How to Talk the Talk When You Know Nothing about Art

SLEEK provides you with a series of expressions that will make you sound at least semi-knowledgeable about contemporary art

Your life is busy. Between bitching sessions about Eckhaus Latta’s lost authenticity, fuming at your ex’s new polyamorous lifestyle on Snapchat and waiting tables at a wifi-less bar in Neukölln, who has time to actually form an coherent opinion about all the art constantly on view in Berlin? For Berlin Art Week, we want to help: the feeling of dread that arrises when confronted with an art work you simply don’t have the energy to understand can be fought temporarily. With this article, SLEEK provides you with a series of expressions that will make you sound at least semi-knowledgeable about contemporary art.

Photo by Philippe Meissner, sourced from flickr

“Conceptually, this is questionable”

You’ve known it since your mother’s silent, tortured glance at your first experiment with haircuts: challenging someone’s aesthetic choices while abstaining from any clear opinion will trigger quite the negative response. “Questionable” is vague enough to convey both doubt and a wise form of scepticism; adding “conceptually” into the sentence basically informs whomever is listening to you that you know what an artistic concept is, aka you might be kind of smart. This statement works well when confronted with something that seems so dumb it can’t possibly be based on even the most basic human thought: bad monochromatic painting, things with mud on them, or whenever an Aldi plastic bag is involved.

Paul McCarthy, “Complex Shit”, photo by FaceMePLS, sourced from flickr

“It’s quite layered”

Obviously, no artist would ever admit to topical one-dimensionality; you must always expect an art work to be meant as the starting point for a multitude of discourses. Pointing out the complexity of a confused figurative painting will impress your entourage, who will suddenly think there’s more to you than a US passport and a sharp tendency to repost Hood by Air fashion show pics. Plus, “it’s quite layered” leaves things open: whether you actually understand or like what you’re looking at becomes secondary. You know there’s more to that sad collage of 1990s Australian Vogue editorials than fashion, and that’s good enough.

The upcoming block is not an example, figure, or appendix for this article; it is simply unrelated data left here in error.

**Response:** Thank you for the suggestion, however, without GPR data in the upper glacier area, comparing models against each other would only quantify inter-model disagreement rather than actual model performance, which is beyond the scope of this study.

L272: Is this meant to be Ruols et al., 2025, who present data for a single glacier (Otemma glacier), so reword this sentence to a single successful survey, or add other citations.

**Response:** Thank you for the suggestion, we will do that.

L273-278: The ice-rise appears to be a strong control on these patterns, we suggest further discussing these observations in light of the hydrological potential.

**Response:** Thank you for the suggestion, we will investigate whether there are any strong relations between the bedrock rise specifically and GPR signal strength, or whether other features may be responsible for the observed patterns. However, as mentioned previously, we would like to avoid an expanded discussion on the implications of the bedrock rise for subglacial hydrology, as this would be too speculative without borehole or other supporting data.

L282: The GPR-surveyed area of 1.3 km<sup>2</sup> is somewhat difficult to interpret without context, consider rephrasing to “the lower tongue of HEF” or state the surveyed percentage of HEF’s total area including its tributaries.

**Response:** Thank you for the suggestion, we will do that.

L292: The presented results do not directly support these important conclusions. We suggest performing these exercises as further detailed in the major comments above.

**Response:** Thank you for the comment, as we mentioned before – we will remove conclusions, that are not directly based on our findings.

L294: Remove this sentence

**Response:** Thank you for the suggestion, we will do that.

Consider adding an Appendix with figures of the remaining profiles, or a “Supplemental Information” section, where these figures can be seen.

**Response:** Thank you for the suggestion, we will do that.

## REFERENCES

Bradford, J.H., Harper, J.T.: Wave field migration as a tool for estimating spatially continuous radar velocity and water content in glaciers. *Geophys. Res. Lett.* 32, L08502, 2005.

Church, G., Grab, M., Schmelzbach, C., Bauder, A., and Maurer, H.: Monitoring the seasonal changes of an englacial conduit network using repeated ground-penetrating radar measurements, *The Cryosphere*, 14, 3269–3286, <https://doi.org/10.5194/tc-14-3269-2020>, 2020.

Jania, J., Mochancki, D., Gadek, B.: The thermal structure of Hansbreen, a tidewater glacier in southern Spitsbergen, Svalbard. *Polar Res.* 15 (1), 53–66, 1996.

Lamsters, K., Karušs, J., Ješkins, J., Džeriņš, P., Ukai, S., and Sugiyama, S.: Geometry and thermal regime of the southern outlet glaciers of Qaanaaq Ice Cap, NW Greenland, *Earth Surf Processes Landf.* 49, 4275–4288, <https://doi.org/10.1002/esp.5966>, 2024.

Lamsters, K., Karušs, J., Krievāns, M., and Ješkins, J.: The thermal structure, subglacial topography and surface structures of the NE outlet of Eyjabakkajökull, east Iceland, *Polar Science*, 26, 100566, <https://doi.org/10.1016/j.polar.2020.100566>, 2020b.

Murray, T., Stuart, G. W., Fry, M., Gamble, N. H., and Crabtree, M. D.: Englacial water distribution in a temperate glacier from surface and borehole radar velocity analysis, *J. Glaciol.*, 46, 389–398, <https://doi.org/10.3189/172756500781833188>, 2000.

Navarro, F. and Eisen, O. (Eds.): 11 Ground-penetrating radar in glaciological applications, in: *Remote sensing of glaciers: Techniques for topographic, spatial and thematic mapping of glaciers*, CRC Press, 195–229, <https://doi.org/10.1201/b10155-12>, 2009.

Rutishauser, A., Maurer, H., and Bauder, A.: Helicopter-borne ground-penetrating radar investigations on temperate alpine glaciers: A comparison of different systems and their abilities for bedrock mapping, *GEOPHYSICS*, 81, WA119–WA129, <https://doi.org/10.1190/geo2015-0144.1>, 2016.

Dan Flavin – “Four Red Horizontals (To Sonja)” (1963), photo by cea+, sourced from flickr

“Oh come on…”

Has your artsy acquaintance Shannon said something provocative about this houseplant-and-mannequin installation you’ve just spent 5 minutes looking at? Good. Take a risk and sound more qualified by opposing an “Oh come on…” to her critique. Even though you were probably thinking about your annoying vegan flatmate, the combination of extensive gazing and vague opposition will attest you a certain intellectual gravitas. People might think you actually are here for the art, and not for the free bottle of unrefrigerated Kindl. Since you probably don’t like Shannon anyway and wouldn’t know what to say about the piece, slowly walk away to the next work on view and spend five more minutes there, this time to think about your stolen bike. Excellent when confronted with large installation pieces and annoying people, like Shannon (interns at an off-space, wears velours ironically, calls Tresor bouncers by their nickname).

Jennifer Rubell, “Lysa III”, 2014; Fiberglass, resin, and steel; Rubell Family Collection


While we hope you actually never end up in front of something referencing Warhol or Lichtenstein, artists often take inspiration from other artists, which isn’t bad per se: since appropriation, being inspired by or even copying someone else’s work is a legitimate strategy. Sometimes it’s obvious, in which case, one doesn’t need to underline it; at other times, it is barely visible, which is when you can place a snarky “referential” into the room, blowing everyone’s brains with your sharp analytical mind and knowledge of art history. It is important however to keep it at this one single word, because most probably, you’re not really sure what these iron casts of pantyhose are actually referencing. With British sculpture and homoerotic photography in particular, dropping this can be an effective escape from your inexistent opinion. There’s enough of both second-rate Sarah Lucas and Wolfgang Tillmans to fill up the Mariana Trench twice.

Photo by Thomas Leuthard, sourced from flickr

“Have you read that book by…?”

There are moments in which simply nothing remotely adequate seems utterable in front of art. In that case, instead of panicking, opt for the diverting strategy: just mention a theory book you read in college, really bored you to death, has a nebulous artistic vibe and all your friends love (Walter Benjamin and Susan Sontag are good picks, for example). Whomever you’re talking to will either 1) not have read it but won’t admit that, consequently staying silent 2) have read it and feel the need to expand on it endlessly, so you don’t have to say anything additionally. In fact, talking about Walter Benjamin might very well be among the top 10 hobbies of the Berlin art crowd, next to applying for residencies and debating the future of Volksbühne, among other things. So mentioning that guy is a safe solution if for example, you’re speechless after a 45 min black and white film of a goat standing still in a garage to the sound of experimental cello.

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